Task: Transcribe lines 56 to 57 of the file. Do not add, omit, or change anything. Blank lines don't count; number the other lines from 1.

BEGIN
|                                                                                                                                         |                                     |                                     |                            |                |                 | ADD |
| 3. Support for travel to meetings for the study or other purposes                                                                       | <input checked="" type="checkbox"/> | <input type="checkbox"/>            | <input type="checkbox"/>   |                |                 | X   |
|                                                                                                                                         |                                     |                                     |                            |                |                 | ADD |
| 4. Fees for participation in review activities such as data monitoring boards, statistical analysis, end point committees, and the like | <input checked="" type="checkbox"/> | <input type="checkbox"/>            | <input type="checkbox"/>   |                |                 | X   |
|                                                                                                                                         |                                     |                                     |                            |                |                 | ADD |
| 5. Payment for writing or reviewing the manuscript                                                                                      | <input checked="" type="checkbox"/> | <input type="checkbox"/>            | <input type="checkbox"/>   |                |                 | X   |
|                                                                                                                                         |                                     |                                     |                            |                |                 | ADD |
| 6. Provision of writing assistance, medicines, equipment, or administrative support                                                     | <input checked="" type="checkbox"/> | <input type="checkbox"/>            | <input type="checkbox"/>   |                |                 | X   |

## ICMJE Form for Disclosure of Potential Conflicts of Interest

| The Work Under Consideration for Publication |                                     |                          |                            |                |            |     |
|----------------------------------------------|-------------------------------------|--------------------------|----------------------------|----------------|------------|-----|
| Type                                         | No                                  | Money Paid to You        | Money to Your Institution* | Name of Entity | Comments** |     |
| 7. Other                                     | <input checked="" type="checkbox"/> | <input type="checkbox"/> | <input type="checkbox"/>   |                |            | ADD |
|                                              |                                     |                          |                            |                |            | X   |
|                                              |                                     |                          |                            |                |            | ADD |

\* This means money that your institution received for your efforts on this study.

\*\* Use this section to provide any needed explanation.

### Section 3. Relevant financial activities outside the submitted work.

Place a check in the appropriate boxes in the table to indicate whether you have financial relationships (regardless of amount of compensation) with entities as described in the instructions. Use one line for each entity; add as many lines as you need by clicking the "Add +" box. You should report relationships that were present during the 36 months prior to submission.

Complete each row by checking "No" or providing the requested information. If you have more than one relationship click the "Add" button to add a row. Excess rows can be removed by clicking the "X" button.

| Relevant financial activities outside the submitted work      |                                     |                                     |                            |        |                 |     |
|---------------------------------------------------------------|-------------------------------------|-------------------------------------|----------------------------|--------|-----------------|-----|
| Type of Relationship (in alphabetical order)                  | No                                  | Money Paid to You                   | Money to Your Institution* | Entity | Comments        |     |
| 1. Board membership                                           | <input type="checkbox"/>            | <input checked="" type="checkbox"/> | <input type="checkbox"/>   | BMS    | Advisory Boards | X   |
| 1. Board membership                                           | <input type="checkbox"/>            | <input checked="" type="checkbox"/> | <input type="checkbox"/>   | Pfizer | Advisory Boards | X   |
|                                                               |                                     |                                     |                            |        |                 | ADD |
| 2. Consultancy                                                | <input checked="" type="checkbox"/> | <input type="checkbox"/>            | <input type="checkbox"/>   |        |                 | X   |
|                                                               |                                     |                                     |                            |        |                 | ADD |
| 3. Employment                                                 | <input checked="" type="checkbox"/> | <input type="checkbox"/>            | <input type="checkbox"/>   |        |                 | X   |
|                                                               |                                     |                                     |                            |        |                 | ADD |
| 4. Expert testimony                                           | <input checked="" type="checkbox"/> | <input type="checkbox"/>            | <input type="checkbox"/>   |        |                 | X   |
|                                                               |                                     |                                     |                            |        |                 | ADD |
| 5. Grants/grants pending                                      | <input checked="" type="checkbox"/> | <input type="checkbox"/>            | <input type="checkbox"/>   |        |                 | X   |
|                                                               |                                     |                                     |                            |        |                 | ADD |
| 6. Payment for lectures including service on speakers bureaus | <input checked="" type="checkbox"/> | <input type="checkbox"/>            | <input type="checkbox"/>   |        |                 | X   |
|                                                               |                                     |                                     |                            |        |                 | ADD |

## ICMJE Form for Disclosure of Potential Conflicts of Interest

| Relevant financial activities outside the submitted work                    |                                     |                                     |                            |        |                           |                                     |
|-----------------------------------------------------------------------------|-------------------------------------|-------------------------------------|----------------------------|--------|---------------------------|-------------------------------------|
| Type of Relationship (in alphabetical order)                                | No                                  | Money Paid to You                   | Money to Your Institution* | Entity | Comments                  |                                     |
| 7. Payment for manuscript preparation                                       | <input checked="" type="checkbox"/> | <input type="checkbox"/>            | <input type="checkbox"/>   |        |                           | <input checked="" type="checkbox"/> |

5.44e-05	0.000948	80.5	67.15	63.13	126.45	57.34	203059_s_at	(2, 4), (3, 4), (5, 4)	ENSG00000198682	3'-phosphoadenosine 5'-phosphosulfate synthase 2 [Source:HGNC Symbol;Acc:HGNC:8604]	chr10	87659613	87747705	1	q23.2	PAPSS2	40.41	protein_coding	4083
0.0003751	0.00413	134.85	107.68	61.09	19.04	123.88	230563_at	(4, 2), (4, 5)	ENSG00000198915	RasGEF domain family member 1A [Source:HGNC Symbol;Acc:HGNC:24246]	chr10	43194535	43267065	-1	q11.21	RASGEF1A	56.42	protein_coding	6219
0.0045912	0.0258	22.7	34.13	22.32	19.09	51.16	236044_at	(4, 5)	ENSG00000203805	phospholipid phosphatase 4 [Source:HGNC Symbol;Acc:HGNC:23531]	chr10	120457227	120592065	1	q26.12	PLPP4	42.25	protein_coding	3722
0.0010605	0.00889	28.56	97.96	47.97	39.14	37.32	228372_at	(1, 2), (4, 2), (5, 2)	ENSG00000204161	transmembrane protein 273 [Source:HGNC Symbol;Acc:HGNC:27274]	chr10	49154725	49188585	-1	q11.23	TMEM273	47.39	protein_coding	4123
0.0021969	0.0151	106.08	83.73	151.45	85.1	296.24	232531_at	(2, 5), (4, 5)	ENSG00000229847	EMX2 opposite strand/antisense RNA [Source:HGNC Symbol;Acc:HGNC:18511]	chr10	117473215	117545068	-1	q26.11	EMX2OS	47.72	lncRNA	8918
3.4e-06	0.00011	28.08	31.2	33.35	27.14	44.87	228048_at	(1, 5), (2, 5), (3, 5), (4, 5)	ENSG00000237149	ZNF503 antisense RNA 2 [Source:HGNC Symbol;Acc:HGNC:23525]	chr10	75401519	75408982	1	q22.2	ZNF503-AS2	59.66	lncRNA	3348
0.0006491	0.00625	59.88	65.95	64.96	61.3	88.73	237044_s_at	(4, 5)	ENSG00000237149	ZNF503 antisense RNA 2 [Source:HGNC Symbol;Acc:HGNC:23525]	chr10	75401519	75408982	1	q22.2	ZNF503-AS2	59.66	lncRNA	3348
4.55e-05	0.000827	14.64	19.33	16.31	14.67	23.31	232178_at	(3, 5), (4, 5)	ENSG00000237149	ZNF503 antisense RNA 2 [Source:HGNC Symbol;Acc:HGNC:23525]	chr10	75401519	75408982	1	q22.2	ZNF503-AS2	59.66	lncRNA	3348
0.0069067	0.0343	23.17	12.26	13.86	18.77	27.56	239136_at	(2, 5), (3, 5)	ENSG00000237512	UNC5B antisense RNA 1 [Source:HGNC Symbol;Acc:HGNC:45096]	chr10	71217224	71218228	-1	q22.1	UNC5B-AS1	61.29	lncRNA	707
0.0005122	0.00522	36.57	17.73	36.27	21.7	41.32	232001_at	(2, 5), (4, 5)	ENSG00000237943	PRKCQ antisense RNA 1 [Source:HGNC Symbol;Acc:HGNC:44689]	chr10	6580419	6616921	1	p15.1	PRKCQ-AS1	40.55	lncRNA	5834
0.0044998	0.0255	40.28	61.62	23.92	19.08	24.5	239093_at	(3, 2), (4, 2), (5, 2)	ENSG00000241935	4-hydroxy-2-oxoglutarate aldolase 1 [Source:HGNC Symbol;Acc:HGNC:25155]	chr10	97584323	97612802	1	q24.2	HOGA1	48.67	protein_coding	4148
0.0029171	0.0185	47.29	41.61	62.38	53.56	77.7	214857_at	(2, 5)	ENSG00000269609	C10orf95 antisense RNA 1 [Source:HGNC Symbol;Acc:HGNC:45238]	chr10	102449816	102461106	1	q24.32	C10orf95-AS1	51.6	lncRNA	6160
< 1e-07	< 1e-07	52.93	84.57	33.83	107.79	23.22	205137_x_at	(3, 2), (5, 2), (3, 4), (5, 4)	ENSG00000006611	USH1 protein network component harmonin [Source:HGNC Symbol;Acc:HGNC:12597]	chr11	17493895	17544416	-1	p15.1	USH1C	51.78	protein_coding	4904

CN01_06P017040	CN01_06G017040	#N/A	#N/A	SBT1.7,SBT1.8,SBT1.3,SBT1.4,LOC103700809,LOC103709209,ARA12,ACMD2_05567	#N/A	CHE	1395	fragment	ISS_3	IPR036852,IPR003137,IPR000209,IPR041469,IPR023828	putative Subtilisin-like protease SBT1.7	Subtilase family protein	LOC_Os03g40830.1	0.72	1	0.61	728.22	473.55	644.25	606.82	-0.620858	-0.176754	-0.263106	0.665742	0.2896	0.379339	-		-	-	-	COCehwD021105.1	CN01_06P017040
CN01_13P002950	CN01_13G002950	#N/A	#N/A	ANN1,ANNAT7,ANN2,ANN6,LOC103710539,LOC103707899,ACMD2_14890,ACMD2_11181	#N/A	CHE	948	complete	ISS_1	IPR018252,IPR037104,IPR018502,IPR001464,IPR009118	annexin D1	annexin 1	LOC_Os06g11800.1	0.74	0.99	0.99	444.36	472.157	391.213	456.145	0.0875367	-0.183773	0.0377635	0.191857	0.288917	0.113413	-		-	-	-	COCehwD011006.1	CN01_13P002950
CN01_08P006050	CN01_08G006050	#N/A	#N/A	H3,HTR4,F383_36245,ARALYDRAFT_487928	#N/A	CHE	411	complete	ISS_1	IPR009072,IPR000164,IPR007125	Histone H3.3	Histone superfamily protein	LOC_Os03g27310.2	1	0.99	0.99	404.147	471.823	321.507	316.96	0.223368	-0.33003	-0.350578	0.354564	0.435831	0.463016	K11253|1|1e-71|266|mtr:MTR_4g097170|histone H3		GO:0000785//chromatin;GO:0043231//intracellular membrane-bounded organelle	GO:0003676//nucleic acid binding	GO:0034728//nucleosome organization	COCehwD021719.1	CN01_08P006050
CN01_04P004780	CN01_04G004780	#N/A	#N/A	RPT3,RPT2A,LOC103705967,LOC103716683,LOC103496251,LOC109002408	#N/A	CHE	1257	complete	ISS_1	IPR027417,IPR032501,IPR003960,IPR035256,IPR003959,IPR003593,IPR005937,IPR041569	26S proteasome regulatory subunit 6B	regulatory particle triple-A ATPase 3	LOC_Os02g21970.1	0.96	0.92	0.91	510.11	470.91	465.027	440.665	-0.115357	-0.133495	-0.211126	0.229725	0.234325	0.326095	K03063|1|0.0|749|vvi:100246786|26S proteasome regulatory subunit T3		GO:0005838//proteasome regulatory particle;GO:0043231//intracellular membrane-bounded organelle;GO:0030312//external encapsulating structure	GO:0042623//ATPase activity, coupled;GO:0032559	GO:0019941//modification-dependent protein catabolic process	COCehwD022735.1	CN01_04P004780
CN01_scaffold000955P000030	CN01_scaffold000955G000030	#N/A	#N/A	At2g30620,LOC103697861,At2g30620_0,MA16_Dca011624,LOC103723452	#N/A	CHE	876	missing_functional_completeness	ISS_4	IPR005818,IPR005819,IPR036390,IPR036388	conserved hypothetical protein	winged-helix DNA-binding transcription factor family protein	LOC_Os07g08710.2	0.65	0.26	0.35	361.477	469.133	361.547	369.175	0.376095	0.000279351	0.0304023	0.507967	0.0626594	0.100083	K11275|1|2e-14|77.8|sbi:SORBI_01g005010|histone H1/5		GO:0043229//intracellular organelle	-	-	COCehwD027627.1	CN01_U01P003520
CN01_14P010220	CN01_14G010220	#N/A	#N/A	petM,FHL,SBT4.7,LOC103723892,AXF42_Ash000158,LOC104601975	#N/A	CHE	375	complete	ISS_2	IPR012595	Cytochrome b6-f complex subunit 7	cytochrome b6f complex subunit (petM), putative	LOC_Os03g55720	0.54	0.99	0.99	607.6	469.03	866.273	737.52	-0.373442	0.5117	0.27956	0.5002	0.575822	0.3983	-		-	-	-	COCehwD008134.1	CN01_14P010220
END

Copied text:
CN01_13P002950	CN01_13G002950	#N/A	#N/A	ANN1,ANNAT7,ANN2,ANN6,LOC103710539,LOC103707899,ACMD2_14890,ACMD2_11181	#N/A	CHE	948	complete	ISS_1	IPR018252,IPR037104,IPR018502,IPR001464,IPR009118	annexin D1	annexin 1	LOC_Os06g11800.1	0.74	0.99	0.99	444.36	472.157	391.213	456.145	0.0875367	-0.183773	0.0377635	0.191857	0.288917	0.113413	-		-	-	-	COCehwD011006.1	CN01_13P002950
CN01_08P006050	CN01_08G006050	#N/A	#N/A	H3,HTR4,F383_36245,ARALYDRAFT_487928	#N/A	CHE	411	complete	ISS_1	IPR009072,IPR000164,IPR007125	Histone H3.3	Histone superfamily protein	LOC_Os03g27310.2	1	0.99	0.99	404.147	471.823	321.507	316.96	0.223368	-0.33003	-0.350578	0.354564	0.435831	0.463016	K11253|1|1e-71|266|mtr:MTR_4g097170|histone H3		GO:0000785//chromatin;GO:0043231//intracellular membrane-bounded organelle	GO:0003676//nucleic acid binding	GO:0034728//nucleosome organization	COCehwD021719.1	CN01_08P006050